Estate Planning for Your Children

If you have minor children, estate planning is a very important step when it comes to planning for your death. Failing to name guardians for your children in your will can lead to custody issues that are easy to avoid by simply taking the time to decide who you want to take care of your minor children in the event of your death. Determining who will raise your children if you die can be a difficult decision. For this reason alone many parents avoid the issue of custody decisions since they’re unable to find someone who they think will be the perfect guardian.

Avoiding the issue of guardianship is the number one reason why people fail to plan their estate or have a will. By procrastinating the decision about custody parents put their children at risk in the event of their death. Unless you name a guardian the courts will name someone they feel is right for the role of guardian. And this could be someone who you least wanted to have custody of your children. Court battles for custody can be long and drawn out, especially if there is more than one applicant who is seeking custody. This can place a huge financial and emotional strain on your children as well as deplete the assets from your estate. The worst case scenario is that no one applies to take custody of your children. The courts may decide to give custody to someone in your family who really doesn’t want the responsibility or your children may end up in foster care.

When planning your estate try to choose guardians for your children who you know will want to take them. Don’t feel that you have to choose a family member; friends you trust can also be ideal candidates. Consider separating guardianship of your children from the assets of your estate. By naming someone other than the guardian to be the trustee of your children’s money you ensure that there are some checks and balances in place when it comes to deciding how that money is spent.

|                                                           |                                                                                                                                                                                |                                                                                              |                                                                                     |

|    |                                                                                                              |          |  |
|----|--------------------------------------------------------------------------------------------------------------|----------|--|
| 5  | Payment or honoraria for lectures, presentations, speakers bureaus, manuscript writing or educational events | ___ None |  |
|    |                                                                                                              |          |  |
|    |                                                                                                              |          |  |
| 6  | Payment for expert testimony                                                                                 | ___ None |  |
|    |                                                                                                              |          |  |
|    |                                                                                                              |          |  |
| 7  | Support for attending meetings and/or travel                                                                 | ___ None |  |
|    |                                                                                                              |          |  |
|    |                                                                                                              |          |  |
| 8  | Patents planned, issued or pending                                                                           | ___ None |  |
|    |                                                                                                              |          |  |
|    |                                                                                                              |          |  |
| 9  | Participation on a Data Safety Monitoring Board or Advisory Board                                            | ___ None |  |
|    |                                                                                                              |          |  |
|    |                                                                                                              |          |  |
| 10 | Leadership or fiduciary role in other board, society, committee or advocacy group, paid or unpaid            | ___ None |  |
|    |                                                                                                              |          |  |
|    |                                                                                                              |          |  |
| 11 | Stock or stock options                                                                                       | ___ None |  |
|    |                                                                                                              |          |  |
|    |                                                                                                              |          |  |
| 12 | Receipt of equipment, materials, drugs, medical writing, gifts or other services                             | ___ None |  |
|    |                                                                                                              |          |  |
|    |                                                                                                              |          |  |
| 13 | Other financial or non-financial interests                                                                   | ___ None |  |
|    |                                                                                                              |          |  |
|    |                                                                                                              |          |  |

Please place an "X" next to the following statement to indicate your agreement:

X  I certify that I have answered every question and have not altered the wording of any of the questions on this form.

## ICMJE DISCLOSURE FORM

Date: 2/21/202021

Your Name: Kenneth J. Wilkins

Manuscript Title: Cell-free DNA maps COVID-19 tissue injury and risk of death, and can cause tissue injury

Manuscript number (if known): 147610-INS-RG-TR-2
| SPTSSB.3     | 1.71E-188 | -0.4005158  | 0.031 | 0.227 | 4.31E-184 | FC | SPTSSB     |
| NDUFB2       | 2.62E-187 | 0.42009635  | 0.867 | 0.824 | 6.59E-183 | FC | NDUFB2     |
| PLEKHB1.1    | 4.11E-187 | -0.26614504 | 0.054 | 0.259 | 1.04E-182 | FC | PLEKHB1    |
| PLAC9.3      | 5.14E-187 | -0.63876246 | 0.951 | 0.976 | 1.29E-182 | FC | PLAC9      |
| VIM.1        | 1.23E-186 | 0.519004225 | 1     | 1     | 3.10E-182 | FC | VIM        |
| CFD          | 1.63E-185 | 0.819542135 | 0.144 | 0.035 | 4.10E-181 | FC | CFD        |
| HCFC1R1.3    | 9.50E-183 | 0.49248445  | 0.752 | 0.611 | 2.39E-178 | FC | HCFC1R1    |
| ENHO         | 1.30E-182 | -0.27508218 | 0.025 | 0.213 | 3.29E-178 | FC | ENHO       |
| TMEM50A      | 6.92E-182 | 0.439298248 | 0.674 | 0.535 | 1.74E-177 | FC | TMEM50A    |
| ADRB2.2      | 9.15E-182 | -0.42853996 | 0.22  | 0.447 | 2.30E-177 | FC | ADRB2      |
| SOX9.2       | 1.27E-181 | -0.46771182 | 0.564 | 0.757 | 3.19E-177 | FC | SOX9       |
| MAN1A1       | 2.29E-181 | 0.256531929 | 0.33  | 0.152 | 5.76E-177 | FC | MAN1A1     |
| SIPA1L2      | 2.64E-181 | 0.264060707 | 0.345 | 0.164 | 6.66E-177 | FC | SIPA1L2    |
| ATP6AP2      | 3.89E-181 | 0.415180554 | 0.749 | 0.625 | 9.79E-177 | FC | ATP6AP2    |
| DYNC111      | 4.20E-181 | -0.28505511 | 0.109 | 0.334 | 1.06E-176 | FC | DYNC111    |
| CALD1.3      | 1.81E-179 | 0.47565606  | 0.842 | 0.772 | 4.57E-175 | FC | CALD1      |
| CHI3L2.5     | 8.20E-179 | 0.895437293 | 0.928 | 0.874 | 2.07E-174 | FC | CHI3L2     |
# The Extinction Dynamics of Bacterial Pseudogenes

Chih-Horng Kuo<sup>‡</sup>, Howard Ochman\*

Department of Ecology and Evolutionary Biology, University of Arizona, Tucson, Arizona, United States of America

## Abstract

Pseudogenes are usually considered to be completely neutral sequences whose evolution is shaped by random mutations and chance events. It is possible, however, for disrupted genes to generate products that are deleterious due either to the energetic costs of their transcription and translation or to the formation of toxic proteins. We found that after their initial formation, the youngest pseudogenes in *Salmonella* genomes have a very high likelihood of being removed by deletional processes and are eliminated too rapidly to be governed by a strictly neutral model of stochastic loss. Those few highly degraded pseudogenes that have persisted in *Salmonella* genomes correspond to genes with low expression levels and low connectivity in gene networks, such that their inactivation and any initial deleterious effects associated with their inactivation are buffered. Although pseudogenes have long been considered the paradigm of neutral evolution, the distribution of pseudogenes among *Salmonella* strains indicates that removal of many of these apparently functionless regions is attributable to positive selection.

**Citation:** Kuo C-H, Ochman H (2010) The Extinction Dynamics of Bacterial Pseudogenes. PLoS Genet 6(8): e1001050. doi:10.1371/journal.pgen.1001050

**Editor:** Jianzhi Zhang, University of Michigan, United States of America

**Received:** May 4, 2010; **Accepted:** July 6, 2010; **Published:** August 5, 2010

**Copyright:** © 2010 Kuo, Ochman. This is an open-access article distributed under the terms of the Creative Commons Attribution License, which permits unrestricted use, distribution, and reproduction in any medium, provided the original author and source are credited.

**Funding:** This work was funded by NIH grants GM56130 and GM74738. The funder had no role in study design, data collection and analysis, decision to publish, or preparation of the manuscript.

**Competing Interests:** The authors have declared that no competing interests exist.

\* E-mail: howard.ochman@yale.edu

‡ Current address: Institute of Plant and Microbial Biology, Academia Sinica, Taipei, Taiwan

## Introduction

Always have a backup named for the guardian in the event that your first choice is unable to accept the role. Keep in mind that if you name a couple as the guardian the issue of their breakup may become an issue and this can lead to a legal battle for custody. For this reason alone it’s a good idea to name individuals as guardians. If you’re divorced, consider your ex-spouse as the guardian. Most of the time, your ex will want to have custody anyway. Why make it more difficult by naming someone else as guardian and risking a lengthy court battle?

Estate Planning: When and Where to Start

Many people don’t know when and where to start when it comes to planning their estate. It seems there are so many things that you need to know about estate planning such as trusts to reduce taxes, issues about guardianship, and how to distribute your assets. And then you need to think about finding the time and money to hire a lawyer to help you draft a will. So where do you start? Perhaps the best place to start is simply by thinking about what you want to happen when you’re gone. Nobody likes to think about their own death. But death is an eventuality and needs to be planned for by everyone. The sooner you think about planning your estate the sooner you can act. Once you have your estate in order you’ll be able to enjoy your later years knowing that your family is taken care of in the way you want.